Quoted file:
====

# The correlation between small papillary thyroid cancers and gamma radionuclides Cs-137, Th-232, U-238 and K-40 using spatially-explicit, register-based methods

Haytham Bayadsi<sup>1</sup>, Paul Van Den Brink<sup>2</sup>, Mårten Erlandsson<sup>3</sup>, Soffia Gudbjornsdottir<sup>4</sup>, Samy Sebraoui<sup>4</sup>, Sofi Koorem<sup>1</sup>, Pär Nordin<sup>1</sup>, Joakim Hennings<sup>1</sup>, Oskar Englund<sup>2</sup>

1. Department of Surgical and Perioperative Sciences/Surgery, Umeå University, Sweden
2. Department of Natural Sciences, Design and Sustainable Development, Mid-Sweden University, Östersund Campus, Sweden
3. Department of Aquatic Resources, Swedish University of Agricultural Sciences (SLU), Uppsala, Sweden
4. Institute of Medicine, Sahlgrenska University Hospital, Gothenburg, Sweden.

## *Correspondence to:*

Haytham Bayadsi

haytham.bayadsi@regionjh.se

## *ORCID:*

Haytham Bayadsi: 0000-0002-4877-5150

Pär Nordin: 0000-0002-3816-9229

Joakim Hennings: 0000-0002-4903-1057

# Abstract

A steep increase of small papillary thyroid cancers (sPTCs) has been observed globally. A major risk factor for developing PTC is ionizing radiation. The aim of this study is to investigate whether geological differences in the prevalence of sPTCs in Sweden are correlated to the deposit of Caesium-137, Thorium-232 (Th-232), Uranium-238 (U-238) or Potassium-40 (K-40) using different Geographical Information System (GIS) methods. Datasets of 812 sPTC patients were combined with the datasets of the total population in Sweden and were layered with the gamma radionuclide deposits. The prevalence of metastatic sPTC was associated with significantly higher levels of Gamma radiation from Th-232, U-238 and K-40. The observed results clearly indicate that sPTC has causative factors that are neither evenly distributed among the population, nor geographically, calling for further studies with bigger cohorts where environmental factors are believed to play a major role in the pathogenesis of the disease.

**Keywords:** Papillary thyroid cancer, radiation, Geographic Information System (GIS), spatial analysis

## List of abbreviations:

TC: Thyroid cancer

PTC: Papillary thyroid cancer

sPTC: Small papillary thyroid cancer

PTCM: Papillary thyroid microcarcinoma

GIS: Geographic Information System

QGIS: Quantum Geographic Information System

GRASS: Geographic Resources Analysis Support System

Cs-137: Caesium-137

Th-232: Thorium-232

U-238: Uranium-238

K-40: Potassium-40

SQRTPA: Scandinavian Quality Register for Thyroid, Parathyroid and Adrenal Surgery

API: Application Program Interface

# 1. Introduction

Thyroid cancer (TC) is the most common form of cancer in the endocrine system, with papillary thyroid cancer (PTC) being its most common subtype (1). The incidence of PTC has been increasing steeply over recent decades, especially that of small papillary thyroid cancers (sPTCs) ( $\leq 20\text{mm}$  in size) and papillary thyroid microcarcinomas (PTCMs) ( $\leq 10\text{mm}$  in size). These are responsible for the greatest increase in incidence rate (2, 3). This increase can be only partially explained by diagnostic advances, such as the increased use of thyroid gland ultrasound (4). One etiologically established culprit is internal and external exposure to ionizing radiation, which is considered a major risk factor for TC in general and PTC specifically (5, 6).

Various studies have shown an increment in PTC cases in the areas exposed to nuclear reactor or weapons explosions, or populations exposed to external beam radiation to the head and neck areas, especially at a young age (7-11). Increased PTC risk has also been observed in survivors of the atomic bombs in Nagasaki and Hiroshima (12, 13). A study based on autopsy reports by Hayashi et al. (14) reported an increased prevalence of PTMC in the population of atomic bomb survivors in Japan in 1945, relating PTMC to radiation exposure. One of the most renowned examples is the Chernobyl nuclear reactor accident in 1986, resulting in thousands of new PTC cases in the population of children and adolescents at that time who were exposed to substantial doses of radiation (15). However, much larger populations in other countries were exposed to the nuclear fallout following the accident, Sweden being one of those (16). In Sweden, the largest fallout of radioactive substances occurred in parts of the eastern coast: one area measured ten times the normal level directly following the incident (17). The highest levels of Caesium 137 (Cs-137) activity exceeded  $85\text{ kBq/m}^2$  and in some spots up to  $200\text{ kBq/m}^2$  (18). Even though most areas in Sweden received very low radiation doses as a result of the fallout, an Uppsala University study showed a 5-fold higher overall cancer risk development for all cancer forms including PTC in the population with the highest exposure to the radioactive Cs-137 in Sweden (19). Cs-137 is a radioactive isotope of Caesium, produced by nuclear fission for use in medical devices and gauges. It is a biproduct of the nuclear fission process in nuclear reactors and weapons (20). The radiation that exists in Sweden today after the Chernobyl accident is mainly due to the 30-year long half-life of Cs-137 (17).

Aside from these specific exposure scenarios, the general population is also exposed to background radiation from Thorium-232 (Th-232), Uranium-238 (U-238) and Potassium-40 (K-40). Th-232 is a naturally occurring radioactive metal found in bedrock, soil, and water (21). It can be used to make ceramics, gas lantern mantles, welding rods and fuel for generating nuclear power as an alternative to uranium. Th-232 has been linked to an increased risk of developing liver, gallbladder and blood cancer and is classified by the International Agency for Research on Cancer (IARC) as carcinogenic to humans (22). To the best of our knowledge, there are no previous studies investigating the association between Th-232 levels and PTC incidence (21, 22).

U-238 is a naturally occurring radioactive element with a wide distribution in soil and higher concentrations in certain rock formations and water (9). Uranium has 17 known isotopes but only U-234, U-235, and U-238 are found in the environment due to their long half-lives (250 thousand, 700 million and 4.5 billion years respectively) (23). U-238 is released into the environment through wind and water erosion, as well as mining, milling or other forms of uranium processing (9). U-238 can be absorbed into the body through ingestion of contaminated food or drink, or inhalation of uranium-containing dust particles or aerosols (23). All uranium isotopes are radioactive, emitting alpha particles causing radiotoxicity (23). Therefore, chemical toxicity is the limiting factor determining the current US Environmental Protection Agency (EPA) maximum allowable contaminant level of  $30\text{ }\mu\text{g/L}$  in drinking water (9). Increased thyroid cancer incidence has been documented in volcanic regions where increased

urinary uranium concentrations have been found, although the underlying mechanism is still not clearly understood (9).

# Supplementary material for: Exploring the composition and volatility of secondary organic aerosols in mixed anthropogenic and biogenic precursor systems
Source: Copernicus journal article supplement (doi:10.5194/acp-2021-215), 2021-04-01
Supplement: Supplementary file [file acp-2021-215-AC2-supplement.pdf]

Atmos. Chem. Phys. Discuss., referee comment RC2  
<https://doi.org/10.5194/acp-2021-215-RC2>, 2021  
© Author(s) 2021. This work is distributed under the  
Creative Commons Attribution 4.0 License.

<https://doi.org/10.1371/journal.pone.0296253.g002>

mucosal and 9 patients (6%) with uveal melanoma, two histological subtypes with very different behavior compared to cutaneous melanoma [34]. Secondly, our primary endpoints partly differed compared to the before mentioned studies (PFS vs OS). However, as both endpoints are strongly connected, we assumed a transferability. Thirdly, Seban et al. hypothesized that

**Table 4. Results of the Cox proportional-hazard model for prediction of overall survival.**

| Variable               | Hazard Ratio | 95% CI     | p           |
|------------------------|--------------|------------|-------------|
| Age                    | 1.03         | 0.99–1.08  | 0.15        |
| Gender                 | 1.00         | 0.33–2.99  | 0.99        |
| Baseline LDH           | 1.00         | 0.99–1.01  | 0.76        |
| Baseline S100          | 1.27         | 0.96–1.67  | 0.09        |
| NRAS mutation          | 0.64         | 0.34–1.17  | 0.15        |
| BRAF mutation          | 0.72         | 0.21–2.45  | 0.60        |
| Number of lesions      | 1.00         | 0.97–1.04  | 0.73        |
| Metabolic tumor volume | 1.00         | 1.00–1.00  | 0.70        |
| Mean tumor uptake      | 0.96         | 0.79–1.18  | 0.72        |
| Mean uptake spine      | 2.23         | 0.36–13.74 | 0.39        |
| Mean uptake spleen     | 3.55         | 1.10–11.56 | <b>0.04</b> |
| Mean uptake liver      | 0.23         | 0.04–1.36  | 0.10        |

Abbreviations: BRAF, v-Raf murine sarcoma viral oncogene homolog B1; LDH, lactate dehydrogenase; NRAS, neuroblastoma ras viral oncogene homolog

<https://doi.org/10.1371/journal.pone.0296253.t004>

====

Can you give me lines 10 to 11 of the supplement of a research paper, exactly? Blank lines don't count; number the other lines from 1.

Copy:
## *ORCID:*

Haytham Bayadsi: 0000-0002-4877-5150